Travel To North Scotland, Dunbeath Castle
Dunbeath Estate, with its spectacular castle perched on a high cliff-top promontory, lies on the north east coast of Scotland in the most northerly mainland county of Caithness, being 20 miles south of Wick and 90 miles north of Inverness.
In 1452 the lands of Dunbeath along with the Earldom of Caithness and other lands in the county, were granted to the Crichton family by King James II. Shortly after this these lands passed into the hands of the Clan Sinclair, becoming one of its principal strongholds, until being sold in 1945 by the late Admiral Sir Edwyn Alexander-Sinclair. Some of the buildings still bear the Sinclair crest.
Other Places To Visit In This Region Of Scotland Include:
Hamlet of crofters' cottages heated in winter by peat fires. Set in Armadale Bay with fine view of sandy beach and sweep of shallow water. Main road leads over two burns, Allt Beag and Armadale, both with twin stone bridges, old and new.
John Nicholson, 19th-century antiquarian, extensively studied this region's ancient remains. Old school house opposite his home now a museum of region's early human history, a useful starting point for visiting brochs and other area sites.
Old Ministry of Defence early warning station is unlikely setting for craft centre; visitors can watch various crafts, ranging from book-binding and weaving to jewellery and candle-making. The ruined church of 1619 has monument to Celtic bard Rob Donn.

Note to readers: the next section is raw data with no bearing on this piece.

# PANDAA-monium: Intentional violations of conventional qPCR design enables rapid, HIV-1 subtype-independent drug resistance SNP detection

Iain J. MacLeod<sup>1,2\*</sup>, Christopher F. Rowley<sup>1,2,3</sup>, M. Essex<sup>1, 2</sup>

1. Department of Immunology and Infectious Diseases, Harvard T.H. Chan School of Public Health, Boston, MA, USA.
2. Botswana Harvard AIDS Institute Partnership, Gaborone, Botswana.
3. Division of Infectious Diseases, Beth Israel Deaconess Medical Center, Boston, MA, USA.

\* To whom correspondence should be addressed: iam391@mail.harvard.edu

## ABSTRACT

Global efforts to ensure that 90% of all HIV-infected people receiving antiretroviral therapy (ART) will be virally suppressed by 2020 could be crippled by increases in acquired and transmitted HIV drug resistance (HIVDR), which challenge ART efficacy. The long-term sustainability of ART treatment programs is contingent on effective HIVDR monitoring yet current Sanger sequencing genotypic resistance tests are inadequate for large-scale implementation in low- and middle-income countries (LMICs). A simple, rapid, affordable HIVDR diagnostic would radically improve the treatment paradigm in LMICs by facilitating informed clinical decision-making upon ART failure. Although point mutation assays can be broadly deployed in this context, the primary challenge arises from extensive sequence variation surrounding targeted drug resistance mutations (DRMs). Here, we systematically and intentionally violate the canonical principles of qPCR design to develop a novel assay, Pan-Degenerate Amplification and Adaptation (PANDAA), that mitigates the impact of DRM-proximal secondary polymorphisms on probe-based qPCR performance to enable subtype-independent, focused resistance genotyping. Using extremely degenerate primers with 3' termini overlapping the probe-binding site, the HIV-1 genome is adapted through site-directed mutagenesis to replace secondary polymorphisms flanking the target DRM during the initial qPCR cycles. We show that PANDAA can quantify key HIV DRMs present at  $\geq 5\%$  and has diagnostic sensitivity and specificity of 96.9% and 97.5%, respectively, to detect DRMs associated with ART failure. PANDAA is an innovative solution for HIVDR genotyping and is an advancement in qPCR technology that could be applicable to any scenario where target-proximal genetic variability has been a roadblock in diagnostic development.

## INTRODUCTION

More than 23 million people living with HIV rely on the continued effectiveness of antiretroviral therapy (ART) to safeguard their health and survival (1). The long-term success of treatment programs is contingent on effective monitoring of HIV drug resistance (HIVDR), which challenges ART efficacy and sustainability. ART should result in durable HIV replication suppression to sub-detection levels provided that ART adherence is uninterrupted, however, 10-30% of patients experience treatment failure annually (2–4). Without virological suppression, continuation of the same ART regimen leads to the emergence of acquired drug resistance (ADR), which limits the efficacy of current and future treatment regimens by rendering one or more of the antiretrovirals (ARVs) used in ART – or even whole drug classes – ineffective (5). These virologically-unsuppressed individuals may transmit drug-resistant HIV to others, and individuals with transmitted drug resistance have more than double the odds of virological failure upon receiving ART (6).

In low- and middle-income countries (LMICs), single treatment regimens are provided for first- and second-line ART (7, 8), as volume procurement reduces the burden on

Crofting centre and resort above Torrisdale Bay. To north is Farr Bay, where precious stones can be found. Salmon fishing in River Naver and trout in Loch Naver, 15 miles inland. Church dating from 18th century houses museum of local history. Outside museum is Farr Stone, an early Christian Celtic stone.
Village with 19th-century church. Inside church is 1558 memorial to Jan de Groot, who started ferry service to Orkney in 1496. When residing in nearby Castle of Mey, the Queen Mother attends services at Canisbay Church.
Red-rock headland rising 360ft from sea, topped by 7Oft light-house. The Parbh -- 100 square miles of peat-bog, heather, scrub and rock -- lies inland. Only link to cape from outside world is ferry across Kyle of Durness. Cleit Dhubh, or 'Black Cliff, rises 850ft from sea south-east of cape.
Well-ordered village built for men working in nearby quarries. Castletown's stone has paved the streets of Glasgow and Edinburgh; stone was sent out from neighbouring harbour of Castlehill--also built of this stone.
Experimental nuclear power station's 135ft steel dome dominates flat coastal area. It was
world's first fast reactor to provide power for public use. Oounreay Exhibition tells story of nuclear power and has guided tours.
Harbour is home to small fishing fleet. Dunbeath Castle still lived in but closed to public. Lhaidhay Caithness Croft Museum displays typical 18th-century complex with house, byre and stable all under one roof. Old village school houses heritage centre.
Far north-eastern tip of mainland where lighthouse stands high above entrance to Pentland Firth.
Most northerly point of British mainland. Viewing platform pro-vides 3600 view over 300ft cliffs, taking in Cape Wrath and Duncansby. Lighthouse stands below viewpoint, its walls battered by stones thrown up by Pentland Firth in rough weather.